A key lesson about living a good life is to not force things. People who want to control everything end up frustrated with their results. It’s harder to be wealthier that way.
This is something philosophers of all ages and places have agreed on. The concept of letting go is so unnatural to human nature. We all have experienced the drive to control things.
If this wasn’t such a universal thing, people wouldn’t write about it so often. One of my favorite philosophical books is Solitude: A Return to the Self by the English psychiatrist Anthony Storr. In the book (published in 1988), Storr challenges the idea that external relationships are at the center of human existence.
What attracted me to Solitude is that I never believed in the idea that life is about externals. I think life is all about the relationship you have with yourself. As an introvert, that idea came easy to me. But since the world forces you to be outgoing and part of the bigger social structure, I never fully followed my own instincts.
I developed my view and lifestyle over the last seven years thanks to technology and the ability to publish articles, books, and courses. That helped me to earn a living by doing something meaningful.
And solitude has been the driving force behind everything I do. This is not a new idea. Everyone knows it requires alone time to make anything big happen in life. From running a marathon to building a business, we must rely on ourselves to pull through.
We have to spend thousands of hours on training and developing skills. But there’s also another thing that’s critical.
To be a good investor, you need a deep understanding of human psychology and behavior.
The first time I heard about that was when a friend told me to read Poor Charlie’s Almanack in 2015. It’s a book about the investing style of Charlie Munger.
So I bought the book, started reading it, and thought, “What does this have to do with investing?”
I found it very insightful, but at the time I didn’t grasp why the book was mostly about investor behavior.
You’ll find a lot of ideas about what not to do as an investor. You’ll learn about the most common mistakes. But you won’t get a step-by-step program for investing in stocks like Charlie Munger or Warren Buffett.
Since then, I’ve learned that investing is mostly a matter of a deep understanding of human behavior. Just reading a few mainstream books on psychology isn’t enough.
That’s something I’ve been living by for the past few years. I like this life philosophy because it inspires me to improve in the long term, but also reminds me to be content with my current life. Contentment is hard in a world obsessed with more.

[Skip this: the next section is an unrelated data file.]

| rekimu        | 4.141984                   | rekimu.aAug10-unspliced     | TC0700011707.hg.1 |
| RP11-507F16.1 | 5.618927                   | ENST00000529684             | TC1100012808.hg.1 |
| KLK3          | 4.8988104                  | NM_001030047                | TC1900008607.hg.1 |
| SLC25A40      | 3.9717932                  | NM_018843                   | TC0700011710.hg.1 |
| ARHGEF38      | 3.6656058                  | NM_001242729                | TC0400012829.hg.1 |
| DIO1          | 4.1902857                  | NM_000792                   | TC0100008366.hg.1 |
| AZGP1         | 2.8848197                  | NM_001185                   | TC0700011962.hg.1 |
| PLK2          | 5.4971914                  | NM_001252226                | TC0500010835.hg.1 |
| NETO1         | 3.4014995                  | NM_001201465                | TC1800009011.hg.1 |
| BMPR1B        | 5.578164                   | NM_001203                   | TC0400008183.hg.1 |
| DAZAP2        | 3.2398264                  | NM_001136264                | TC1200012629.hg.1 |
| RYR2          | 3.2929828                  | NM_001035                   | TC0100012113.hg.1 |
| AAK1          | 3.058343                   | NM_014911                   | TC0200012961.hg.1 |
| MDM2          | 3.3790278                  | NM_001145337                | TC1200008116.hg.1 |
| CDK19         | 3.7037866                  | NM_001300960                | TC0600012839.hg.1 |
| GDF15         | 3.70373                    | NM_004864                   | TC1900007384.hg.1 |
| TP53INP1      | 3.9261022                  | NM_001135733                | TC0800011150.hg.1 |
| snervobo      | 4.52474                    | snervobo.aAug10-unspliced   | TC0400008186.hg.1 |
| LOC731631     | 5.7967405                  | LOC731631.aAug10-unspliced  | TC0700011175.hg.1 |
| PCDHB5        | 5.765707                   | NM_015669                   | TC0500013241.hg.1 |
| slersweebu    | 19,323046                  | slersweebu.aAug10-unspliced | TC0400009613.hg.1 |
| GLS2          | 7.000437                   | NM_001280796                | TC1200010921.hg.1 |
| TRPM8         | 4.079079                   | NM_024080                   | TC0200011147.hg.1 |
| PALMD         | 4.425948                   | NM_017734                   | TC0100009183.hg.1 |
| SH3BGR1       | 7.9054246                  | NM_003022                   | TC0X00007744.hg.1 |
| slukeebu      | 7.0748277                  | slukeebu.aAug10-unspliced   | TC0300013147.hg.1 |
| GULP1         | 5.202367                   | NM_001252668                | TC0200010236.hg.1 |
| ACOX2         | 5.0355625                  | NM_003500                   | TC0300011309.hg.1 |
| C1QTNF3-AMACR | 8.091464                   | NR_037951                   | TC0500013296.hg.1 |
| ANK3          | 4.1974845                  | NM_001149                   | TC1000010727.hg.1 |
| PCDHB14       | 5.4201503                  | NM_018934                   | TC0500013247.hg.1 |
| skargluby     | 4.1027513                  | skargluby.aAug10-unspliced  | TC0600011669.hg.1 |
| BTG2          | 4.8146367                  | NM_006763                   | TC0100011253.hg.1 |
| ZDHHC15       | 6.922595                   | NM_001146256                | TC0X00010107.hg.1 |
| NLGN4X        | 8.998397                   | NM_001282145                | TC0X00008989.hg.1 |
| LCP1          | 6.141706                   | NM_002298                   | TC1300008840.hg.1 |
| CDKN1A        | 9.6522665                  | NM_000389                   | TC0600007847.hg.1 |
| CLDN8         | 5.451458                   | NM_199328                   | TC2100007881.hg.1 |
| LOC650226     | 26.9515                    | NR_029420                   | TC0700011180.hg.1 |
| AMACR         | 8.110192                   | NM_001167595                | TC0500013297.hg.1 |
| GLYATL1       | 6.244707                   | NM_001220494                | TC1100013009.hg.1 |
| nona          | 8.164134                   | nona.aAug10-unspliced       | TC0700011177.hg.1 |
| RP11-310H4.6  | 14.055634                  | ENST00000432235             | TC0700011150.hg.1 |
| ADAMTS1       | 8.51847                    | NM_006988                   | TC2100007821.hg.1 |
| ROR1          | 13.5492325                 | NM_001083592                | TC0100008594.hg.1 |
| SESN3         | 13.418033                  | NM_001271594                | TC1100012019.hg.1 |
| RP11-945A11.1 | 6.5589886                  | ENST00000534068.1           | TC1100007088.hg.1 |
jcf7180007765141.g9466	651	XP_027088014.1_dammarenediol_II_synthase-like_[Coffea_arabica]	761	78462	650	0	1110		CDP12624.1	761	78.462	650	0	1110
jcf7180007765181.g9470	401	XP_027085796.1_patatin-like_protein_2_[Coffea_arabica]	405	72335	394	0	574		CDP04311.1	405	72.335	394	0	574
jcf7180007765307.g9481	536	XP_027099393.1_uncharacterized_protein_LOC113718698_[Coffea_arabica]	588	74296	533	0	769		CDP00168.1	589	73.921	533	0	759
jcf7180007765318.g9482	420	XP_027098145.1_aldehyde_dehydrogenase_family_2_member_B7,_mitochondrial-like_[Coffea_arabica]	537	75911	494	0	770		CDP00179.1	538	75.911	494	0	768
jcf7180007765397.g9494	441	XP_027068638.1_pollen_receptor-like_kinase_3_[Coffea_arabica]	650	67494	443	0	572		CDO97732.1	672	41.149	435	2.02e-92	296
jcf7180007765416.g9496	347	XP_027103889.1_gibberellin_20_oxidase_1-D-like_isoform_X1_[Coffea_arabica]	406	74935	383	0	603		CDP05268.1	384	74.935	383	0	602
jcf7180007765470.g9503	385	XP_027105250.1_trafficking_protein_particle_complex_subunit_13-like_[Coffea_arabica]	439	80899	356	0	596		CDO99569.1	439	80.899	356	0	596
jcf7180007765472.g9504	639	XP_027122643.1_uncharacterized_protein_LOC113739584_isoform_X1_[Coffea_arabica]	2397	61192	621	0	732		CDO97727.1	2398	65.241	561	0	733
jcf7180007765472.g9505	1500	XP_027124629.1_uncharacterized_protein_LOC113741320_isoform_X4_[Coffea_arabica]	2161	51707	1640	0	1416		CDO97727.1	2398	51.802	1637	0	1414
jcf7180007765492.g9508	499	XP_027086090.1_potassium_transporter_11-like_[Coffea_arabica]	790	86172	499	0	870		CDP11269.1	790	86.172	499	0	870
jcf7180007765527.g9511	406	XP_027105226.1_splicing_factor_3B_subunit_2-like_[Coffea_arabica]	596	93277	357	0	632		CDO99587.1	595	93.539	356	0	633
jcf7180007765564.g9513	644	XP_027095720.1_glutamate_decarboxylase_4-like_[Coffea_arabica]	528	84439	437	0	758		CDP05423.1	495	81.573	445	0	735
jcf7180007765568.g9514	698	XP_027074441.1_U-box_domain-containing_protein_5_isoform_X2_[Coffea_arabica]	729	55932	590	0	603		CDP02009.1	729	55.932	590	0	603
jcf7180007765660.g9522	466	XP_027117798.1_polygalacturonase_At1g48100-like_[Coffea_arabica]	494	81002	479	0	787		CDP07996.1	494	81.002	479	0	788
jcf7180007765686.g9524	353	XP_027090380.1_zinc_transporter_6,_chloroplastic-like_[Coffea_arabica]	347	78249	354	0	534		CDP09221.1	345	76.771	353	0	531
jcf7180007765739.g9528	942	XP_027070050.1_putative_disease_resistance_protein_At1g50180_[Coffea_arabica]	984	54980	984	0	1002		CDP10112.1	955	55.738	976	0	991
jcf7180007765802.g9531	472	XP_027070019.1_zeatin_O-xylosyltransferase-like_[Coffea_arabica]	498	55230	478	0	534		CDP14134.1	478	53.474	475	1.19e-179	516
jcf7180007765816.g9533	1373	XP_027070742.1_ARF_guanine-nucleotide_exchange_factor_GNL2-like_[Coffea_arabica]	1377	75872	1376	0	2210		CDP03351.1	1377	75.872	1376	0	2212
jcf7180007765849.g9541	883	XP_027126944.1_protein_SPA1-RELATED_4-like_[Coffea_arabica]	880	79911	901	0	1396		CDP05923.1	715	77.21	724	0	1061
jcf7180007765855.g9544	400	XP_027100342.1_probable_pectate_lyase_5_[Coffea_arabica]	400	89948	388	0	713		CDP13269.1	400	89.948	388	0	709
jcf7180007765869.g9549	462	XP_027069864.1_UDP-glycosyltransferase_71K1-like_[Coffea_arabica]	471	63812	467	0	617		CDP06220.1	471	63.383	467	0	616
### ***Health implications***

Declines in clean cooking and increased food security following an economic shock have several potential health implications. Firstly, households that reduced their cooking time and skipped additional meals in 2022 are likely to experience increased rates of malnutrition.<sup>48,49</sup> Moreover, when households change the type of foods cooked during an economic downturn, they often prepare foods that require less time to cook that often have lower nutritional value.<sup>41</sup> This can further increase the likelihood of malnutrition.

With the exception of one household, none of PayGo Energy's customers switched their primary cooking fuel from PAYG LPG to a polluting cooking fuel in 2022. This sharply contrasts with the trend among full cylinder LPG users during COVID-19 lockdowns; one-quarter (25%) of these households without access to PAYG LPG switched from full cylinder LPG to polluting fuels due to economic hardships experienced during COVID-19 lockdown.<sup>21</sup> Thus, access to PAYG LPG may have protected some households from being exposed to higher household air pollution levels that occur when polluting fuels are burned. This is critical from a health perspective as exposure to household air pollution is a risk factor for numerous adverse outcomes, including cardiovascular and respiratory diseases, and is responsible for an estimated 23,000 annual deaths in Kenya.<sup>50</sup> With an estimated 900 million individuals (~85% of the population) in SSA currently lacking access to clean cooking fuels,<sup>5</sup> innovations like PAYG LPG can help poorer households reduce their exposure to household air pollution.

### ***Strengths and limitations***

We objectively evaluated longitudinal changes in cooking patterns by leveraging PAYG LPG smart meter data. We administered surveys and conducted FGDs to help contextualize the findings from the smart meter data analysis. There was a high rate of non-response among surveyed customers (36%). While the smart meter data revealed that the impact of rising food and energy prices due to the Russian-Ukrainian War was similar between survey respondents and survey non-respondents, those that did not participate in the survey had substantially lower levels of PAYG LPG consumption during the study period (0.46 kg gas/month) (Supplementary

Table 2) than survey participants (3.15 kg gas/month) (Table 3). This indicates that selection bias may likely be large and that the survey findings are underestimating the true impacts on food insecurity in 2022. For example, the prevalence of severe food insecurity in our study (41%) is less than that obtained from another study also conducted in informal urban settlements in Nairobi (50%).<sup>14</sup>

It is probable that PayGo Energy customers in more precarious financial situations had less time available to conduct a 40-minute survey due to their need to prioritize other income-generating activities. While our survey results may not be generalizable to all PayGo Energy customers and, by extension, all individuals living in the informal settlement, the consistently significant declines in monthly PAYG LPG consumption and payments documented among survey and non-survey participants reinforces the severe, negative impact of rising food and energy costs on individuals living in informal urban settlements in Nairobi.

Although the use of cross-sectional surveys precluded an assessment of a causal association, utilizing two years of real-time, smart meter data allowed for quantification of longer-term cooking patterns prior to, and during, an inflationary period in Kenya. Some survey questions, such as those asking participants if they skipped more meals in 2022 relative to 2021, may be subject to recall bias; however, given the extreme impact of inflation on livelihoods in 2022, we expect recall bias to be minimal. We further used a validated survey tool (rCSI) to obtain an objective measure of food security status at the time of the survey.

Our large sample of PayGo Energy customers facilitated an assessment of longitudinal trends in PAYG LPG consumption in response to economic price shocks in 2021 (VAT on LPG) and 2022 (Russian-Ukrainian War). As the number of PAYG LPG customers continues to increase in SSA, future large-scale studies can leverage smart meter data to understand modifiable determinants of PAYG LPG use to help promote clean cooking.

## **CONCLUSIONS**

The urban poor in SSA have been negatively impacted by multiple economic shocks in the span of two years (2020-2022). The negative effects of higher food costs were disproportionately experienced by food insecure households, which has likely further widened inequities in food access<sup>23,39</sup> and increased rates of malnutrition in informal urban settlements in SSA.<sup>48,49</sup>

I didn’t have that short-term contentment in the past. For as long as I can remember, I always wanted to have a better life.
- I wanted to get more degrees
- Read more books
- Earn more money
- Visit more countries
- Put on more muscles
- Run more miles
- And so forth
It was always more, more, more. When I got my high school diploma, I didn’t care. I said, “College is the real deal.” So I went to college and got a degree, and still, I didn’t care. “Got to get a post-grad degree.”
It was weird because I was the first college graduate in my immediate family. My family came to the graduation ceremony and my parents were very happy.
I’m not the kind of person who likes to celebrate things most other people like to celebrate. To me, it was just part of the process. While others were celebrating their graduation, I was mostly preparing for the next big thing.
I was talking to my friend who’s a financial advisor the other day. He told me about wanting to convince someone to stay at his firm of about 90 people. In the past two years, they’ve been having labor shortages like everyone else.
He mentioned one of his employees quit his firm to work a government job. The former employee’s new government job is very stable, low intensity, type of work.
The person didn’t want to work in a dynamic environment anymore. It was too much pressure.
My friend asked, “What can you do to avoid this? And inspire people to stay at work?” It was more of a rhetorical question.
The truth is we can’t convince people to do anything, let alone convince them to stay in a job they can’t perform. Another friend experienced a similar situation. He runs a consulting firm and a new employee quit after three months because he felt like he wasn’t successful.
If we can’t convince people to do anything, what should we do instead?